Alice in Wonderland

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Dramatic Publishing, 1965 - Drama - 124 pages
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In 1862 Charles Lutwidge Dodgson, a shy Oxford mathematician with a stammer, created a story about a little girl tumbling down a rabbit hole. Thus began the immortal adventures of Alice, perhaps the most popular heroine in English literature. Countless scholars have tried to define the charm of the Alice books--with those wonderfully eccentric characters the Queen of Hearts, Tweedledum and Tweedledee, the Cheshire Cat, Mock Turtle, the Mad Hatter et al.--by proclaiming that they really comprise a satire on language, a political allegory, a parody of Victorian children's literature, even a reflection of contemporary ecclesiastical history. Perhaps, as Dodgson might have said, Alice is no more than a dream, a fairy tale about a trials and tribulations of growing up--or down, or all tumed round--as seen through the expert eyes of a child. From the Paperback edition.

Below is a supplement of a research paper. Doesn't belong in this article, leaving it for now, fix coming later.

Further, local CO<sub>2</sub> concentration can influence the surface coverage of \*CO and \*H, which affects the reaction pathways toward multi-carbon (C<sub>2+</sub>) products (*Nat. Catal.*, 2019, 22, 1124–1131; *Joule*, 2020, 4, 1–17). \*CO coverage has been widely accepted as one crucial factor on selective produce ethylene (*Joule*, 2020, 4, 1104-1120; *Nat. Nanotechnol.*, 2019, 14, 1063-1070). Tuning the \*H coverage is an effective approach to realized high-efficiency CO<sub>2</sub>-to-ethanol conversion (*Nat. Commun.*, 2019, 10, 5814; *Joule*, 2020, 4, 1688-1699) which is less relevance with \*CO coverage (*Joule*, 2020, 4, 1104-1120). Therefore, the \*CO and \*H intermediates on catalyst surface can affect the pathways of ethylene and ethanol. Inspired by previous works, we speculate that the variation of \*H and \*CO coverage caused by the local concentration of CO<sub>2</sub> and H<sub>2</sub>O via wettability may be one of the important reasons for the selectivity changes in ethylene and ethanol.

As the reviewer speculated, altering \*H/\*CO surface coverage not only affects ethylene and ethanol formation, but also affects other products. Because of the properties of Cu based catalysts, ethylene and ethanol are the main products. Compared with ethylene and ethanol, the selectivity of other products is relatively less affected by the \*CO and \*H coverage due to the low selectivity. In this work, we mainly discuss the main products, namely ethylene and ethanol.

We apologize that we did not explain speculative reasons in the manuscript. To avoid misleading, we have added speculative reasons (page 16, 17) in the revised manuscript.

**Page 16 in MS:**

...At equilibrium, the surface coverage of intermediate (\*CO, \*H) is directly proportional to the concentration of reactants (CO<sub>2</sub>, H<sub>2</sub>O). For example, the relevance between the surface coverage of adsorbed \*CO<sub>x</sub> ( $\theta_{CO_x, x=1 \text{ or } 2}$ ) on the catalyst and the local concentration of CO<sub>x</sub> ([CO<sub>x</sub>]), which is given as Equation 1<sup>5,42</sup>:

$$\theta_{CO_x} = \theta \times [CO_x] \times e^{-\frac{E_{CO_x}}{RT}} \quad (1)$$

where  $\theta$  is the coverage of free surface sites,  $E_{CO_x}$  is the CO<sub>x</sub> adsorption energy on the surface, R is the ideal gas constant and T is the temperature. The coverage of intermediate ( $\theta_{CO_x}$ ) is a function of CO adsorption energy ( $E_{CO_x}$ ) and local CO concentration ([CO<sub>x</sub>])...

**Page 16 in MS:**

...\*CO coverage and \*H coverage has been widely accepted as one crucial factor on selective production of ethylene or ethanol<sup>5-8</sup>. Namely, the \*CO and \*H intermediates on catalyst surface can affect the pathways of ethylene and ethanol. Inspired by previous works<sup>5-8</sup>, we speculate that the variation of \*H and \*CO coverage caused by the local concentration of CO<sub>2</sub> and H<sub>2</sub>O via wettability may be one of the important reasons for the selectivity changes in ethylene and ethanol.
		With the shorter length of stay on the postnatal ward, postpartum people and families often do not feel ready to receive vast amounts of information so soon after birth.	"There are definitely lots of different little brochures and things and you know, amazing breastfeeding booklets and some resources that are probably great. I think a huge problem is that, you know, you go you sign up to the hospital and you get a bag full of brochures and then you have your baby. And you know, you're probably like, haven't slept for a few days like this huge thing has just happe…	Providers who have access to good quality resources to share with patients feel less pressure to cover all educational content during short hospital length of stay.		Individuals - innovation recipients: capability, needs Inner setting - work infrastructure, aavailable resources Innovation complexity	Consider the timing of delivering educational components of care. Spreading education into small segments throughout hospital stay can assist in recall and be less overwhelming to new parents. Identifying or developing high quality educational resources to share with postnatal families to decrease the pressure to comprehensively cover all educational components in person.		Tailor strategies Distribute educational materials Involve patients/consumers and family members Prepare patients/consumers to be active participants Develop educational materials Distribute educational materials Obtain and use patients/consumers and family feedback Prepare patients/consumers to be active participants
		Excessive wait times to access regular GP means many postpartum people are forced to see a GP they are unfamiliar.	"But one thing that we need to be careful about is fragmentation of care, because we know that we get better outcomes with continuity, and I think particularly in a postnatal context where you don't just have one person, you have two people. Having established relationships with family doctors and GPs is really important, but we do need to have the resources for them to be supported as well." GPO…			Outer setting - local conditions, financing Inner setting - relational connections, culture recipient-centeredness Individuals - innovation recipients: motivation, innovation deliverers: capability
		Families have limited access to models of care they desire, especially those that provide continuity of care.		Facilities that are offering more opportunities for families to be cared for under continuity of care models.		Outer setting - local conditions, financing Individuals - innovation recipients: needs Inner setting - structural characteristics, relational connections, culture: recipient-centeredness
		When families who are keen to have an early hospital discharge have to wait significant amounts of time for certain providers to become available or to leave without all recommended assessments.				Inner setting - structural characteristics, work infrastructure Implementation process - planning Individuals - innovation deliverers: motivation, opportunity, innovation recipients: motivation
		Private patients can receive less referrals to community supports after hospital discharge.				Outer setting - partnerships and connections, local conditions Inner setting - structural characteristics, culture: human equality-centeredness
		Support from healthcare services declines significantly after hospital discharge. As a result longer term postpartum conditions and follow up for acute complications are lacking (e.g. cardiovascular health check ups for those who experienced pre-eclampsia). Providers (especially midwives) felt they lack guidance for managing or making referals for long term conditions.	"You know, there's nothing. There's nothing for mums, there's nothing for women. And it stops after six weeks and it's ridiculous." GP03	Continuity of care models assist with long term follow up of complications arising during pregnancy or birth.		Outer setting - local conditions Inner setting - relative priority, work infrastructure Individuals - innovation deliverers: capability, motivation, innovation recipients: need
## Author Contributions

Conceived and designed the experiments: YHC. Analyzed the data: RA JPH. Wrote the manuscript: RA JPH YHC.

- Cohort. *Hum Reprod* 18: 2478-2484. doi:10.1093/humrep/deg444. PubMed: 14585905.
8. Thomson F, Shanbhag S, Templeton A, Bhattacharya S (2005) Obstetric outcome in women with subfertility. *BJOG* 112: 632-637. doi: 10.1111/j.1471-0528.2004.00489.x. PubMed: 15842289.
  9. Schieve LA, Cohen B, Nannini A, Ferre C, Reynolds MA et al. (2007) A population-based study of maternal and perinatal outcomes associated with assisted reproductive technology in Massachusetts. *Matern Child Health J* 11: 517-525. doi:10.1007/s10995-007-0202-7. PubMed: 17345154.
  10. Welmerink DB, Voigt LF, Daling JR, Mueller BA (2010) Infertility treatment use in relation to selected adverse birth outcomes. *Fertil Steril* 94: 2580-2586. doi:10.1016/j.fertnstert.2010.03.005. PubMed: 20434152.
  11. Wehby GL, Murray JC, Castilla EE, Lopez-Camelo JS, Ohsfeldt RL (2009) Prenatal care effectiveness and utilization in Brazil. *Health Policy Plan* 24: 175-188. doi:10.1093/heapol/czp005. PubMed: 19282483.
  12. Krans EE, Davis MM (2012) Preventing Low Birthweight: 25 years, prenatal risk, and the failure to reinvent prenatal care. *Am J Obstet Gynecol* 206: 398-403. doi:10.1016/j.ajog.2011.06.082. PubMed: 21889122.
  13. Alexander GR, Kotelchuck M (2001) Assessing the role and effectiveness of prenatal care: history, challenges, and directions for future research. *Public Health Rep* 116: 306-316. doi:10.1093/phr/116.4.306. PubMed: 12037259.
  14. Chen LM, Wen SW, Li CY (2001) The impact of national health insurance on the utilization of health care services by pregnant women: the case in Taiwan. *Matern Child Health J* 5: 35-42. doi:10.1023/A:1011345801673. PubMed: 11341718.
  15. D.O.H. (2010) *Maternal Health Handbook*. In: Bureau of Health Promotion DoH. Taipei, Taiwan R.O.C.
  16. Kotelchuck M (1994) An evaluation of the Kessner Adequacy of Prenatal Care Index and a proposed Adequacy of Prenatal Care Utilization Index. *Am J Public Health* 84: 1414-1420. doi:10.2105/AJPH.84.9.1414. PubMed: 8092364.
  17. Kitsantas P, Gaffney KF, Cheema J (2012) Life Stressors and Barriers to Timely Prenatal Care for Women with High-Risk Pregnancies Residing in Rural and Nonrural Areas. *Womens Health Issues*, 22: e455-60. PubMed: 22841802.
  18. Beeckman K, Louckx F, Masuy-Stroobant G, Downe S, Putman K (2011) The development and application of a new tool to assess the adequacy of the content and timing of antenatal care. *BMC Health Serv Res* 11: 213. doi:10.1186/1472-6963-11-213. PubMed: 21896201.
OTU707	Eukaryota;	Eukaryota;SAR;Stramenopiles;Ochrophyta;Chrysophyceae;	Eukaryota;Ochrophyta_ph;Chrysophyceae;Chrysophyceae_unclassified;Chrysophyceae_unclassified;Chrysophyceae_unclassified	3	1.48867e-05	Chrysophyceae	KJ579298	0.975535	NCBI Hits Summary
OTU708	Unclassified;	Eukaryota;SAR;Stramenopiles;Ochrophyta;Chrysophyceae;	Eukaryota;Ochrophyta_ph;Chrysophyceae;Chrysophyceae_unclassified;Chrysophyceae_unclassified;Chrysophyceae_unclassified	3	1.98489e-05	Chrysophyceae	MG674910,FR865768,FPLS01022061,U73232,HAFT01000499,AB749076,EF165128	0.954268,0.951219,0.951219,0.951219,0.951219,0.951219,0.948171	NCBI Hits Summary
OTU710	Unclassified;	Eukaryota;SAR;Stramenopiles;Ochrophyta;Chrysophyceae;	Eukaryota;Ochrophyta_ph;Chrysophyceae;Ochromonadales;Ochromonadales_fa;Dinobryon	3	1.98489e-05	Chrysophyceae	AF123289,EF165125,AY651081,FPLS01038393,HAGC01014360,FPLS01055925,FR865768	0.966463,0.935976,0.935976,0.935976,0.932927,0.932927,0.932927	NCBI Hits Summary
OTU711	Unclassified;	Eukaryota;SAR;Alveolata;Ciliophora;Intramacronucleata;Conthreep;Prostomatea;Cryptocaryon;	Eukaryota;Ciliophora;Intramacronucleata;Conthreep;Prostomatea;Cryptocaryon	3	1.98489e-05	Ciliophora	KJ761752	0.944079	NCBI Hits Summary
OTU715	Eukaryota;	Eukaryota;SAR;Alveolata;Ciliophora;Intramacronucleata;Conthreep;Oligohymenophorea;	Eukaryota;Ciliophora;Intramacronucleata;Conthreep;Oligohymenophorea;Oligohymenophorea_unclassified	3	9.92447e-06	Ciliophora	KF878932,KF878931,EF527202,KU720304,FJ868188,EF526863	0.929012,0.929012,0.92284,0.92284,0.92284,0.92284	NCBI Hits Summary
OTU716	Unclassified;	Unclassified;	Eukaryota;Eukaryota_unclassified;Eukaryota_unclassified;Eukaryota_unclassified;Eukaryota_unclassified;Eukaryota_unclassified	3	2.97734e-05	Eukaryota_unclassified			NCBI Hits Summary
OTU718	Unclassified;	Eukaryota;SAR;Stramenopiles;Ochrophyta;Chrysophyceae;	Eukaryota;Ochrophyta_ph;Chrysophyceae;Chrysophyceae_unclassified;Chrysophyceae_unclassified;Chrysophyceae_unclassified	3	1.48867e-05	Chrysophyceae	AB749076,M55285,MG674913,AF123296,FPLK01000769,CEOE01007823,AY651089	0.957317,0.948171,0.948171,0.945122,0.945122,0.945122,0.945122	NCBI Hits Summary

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Contents

Section 1
4
Section 2
5
Section 3
33
Section 4
62
Section 5
87
Section 6
125
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About the author (1965)

Charles Luthwidge Dodgson was born in Daresbury, England on January 27, 1832. He became a minister of the Church of England and a lecturer in mathematics at Christ Church College, Oxford. He was the author, under his own name, of An Elementary Treatise on Determinants, Symbolic Logic, and other scholarly treatises. He is better known by his pen name of Lewis Carroll. Using this name, he wrote Alice in Wonderland and Through the Looking Glass. He was also a pioneering photographer, and he took many pictures of young children, especially girls, with whom he seemed to empathize. He died on January 14, 1898.

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